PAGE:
Thailand: Buddhist minority declines in the 'deep south' due to protracted armed conflict
Police checkpoint on the road to Yala city, Yala (IDMC/Frederik Kok, June 2011)
- Country Statistics
- Latest IDP figure:
- Number of refugees:
- (Originating from the country)
380 (UNHCR, as of January 2013)
- Total Population:
- 64 mio
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31 December 2012
The government has been confronting Malay Muslim separatist groups in southern Thailand for more than a century, and low-level violence continued to affect the provinces of Narathiwat, Pattani and Yala in 2012. By the end of year, an estimated 5,500 people had been killed and 9,700 injured since 2004. Attacks on schools and teachers, which insurgents see as symbols of Thai occupation, intensified towards the end of the year, causing a rise in transfer applications from Buddhist teachers.
The Buddhist minority has been disproportionately affected by the violence. The number of people displaced since 2004, when the violence resumed, is unknown, but available information suggests that as many as 240,000 people may have fled their homes. This would account for around 30 per cent of the Buddhist population and ten per cent of Malay Muslims.
Some IDPs fled in direct response to the violence, but many have moved because of its adverse effects on the economy and the provision of education and social services. Most IDPs have moved to urban areas inside the affected provinces where, like the rest of the population, they remain at risk of violence. Buddhist IDPs have been more likely to leave the three provinces.
The government set up a $39 million fund in September to purchase Buddhist land in an effort to ensure that it does not fall into the hands of groups associated with the insurgency. IDPs would be able to redeem their land should they choose to return. The government has not taken any steps to assess the extent of displacement, nor has it adopted any other measures to address the issue. It has, however, provided some assistance to victims of insurgent violence and their families.
The absence of the UN in the three provinces has seriously limited its capacity to report on human rights violations committed by any of the parties to the conflict, or on the extent and consequences of the related displacement.
Since 2004, there has been a resurgence of violence in Thailand’s southern provinces of Pattani, Yala and Narathiwat, where the government is facing the violent opposition of a number of Malay Muslim insurgency groups. Close to 5,000 people have been killed and nearly 8,000 injured. Buddhists, estimated to represent around 20 per cent of the total population of the three provinces in 2000, have been disproportionately affected by the violence; they account for nearly 40 per cent of all deaths and more than 60 per cent of all injured. Civilians from both communities are the main victims of the violence. As a result, many have since 2004 fled their homes and moved to safer areas.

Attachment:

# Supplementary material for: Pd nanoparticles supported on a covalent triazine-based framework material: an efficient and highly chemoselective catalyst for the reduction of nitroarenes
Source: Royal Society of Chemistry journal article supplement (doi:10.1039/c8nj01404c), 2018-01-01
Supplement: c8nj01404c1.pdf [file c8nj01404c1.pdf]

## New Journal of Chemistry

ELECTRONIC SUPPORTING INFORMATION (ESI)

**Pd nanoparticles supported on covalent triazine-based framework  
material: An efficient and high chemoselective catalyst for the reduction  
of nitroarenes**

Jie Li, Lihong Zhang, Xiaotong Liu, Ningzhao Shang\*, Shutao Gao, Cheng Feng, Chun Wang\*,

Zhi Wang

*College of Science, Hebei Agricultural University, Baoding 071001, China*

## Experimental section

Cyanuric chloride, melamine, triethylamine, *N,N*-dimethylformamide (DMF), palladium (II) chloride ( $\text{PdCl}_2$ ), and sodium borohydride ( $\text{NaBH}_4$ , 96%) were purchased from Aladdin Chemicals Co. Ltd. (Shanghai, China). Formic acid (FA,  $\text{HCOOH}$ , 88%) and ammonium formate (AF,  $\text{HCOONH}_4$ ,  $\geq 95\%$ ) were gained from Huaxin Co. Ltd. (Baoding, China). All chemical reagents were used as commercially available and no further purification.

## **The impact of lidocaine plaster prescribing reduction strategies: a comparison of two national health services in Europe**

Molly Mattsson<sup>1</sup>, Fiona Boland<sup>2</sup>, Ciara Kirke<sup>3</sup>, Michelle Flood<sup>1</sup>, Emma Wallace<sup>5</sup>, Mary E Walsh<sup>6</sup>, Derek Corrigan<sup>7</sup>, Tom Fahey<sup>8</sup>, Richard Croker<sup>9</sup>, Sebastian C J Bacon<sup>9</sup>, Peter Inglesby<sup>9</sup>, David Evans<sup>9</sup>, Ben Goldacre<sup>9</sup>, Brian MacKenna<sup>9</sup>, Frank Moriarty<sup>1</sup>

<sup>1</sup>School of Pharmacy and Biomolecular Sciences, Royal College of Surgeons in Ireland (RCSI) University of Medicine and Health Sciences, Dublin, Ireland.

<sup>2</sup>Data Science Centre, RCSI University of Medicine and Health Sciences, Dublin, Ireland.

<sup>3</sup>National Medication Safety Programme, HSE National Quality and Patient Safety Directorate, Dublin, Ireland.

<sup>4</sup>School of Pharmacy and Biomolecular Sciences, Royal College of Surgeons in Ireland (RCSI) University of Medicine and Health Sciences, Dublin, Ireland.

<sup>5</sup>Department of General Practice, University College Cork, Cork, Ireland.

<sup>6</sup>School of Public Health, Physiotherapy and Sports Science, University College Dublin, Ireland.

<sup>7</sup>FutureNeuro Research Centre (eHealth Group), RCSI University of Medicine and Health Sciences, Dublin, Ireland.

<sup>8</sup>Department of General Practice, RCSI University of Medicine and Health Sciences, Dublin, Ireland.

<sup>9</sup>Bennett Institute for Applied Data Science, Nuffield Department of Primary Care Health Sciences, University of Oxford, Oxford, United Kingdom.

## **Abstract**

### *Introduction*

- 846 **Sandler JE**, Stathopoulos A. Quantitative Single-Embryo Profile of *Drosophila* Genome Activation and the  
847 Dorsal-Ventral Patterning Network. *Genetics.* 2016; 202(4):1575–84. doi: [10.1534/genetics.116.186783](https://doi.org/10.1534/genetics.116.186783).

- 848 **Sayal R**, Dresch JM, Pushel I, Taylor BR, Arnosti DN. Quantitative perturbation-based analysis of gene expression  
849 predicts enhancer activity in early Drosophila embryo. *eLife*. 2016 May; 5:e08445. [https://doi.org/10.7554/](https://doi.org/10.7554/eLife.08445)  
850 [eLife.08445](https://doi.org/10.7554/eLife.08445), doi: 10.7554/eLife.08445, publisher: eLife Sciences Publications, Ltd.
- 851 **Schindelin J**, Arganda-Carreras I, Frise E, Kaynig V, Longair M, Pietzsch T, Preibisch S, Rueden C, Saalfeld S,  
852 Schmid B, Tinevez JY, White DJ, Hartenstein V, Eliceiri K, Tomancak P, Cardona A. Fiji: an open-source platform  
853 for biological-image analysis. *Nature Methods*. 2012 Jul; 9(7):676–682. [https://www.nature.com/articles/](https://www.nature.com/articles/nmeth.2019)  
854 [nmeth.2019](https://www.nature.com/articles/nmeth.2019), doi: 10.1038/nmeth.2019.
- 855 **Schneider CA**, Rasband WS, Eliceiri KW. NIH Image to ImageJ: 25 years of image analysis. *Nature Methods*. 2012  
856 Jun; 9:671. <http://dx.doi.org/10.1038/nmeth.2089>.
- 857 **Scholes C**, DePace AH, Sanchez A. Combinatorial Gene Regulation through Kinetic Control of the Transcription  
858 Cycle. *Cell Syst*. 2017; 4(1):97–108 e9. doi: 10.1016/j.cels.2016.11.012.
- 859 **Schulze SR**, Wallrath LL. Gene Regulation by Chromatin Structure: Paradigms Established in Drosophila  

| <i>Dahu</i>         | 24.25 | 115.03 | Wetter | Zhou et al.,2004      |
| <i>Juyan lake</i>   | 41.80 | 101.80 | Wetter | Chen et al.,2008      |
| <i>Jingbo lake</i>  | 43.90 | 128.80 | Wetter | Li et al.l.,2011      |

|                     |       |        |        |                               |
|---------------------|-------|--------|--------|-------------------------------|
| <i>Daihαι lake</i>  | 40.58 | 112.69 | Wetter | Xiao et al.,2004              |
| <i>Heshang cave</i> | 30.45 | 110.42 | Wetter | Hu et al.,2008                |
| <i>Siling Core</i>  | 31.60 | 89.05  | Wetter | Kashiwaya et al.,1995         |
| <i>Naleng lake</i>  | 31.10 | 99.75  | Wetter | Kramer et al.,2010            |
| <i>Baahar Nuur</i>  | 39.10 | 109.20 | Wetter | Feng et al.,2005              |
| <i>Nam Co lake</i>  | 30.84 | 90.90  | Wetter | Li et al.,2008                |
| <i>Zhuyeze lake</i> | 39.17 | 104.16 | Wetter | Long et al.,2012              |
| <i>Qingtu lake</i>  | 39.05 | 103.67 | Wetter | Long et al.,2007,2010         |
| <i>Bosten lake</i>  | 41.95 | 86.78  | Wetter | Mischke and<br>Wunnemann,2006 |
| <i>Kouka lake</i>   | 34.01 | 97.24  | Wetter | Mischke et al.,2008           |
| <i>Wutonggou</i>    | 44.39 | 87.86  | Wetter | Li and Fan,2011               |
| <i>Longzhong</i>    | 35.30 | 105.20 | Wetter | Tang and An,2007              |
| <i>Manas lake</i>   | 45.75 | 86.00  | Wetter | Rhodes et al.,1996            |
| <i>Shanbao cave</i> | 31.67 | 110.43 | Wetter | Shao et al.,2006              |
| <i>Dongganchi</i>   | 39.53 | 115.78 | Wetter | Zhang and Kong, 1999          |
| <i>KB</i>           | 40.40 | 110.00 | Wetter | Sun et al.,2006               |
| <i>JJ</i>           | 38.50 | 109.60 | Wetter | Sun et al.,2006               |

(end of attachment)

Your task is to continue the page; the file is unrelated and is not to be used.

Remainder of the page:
There are no reliable figures on the number of people displaced since 2004, but available information suggests that at least 30 per cent of Buddhists and ten per cent of Malay Muslims may have left their homes. While some have fled in direct response to the violence, many have moved because of the adverse effects of the conflict on the economy, on the availability and quality of education or on the provision of social services. Many of the displacements are also intended to be only temporary, and have split families, the head of household staying and the wife and children moving to safer areas. (...)
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15 November 2011
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- Key Documents
- Waging Peace: ASEAN and the Thai-Cambodian Border Conflict, ICG, 6 December 2011
- "They took nothing but his life" - Unlawful killings in Thailand's southern insurgency, AI, 27 September 2011
- "Up to 200,000 flee violence, straining the city's resources", Bangkok Post, 13 June 2011
- "Thai-Cambodian border clashes draw 40,000 worried evacuees to shelters", The Nation, 24 April 2011
- "Cambodia/Thailand: Border dispute displaces up to 30,000", Integrated Regional Information Networks (IRIN), 9 February 2011
- Target of both sides - Violence against Students, Teachers, and Schools in Thailand’s Southern Border Provinces, Human Rights Watch (HRW), 20 September 2010
- Rule by the Gun: Armed Civilians and Firearms Proliferation in Southern Thailand, Nonviolence International South East Asia (NISEA), May 2009
- "Migration and the violence in the far south", in Chaiwat Satha-Anand, ed., Imagined Land: Solving Southern Violence in Thailand (Research Institute for the Languages and Cultures of Asia and Africa, Tokyo University of Foreign Studies, 2009) pp. 165–78, Phithakkumpol, Zakee, 2009
- Southern Thailand: The Problem with Paramilitaries, International Crisis Group (ICG), 23 October 2007
- No One Is Safe: Insurgent Attacks on Civilians in Thailand’s Southern Border Provinces, Human Rights Watch (HRW), August 2007
- Impact of violence on safety lives and properties: case study of people migration in 3 southern border provinces, Kittaworn, P., Lerdpipat, D. & Pulsub, A., 2007
- "Thailand fears Buddhist exodus from Muslim insurgency in south", Associated Press (AP), 10 December 2006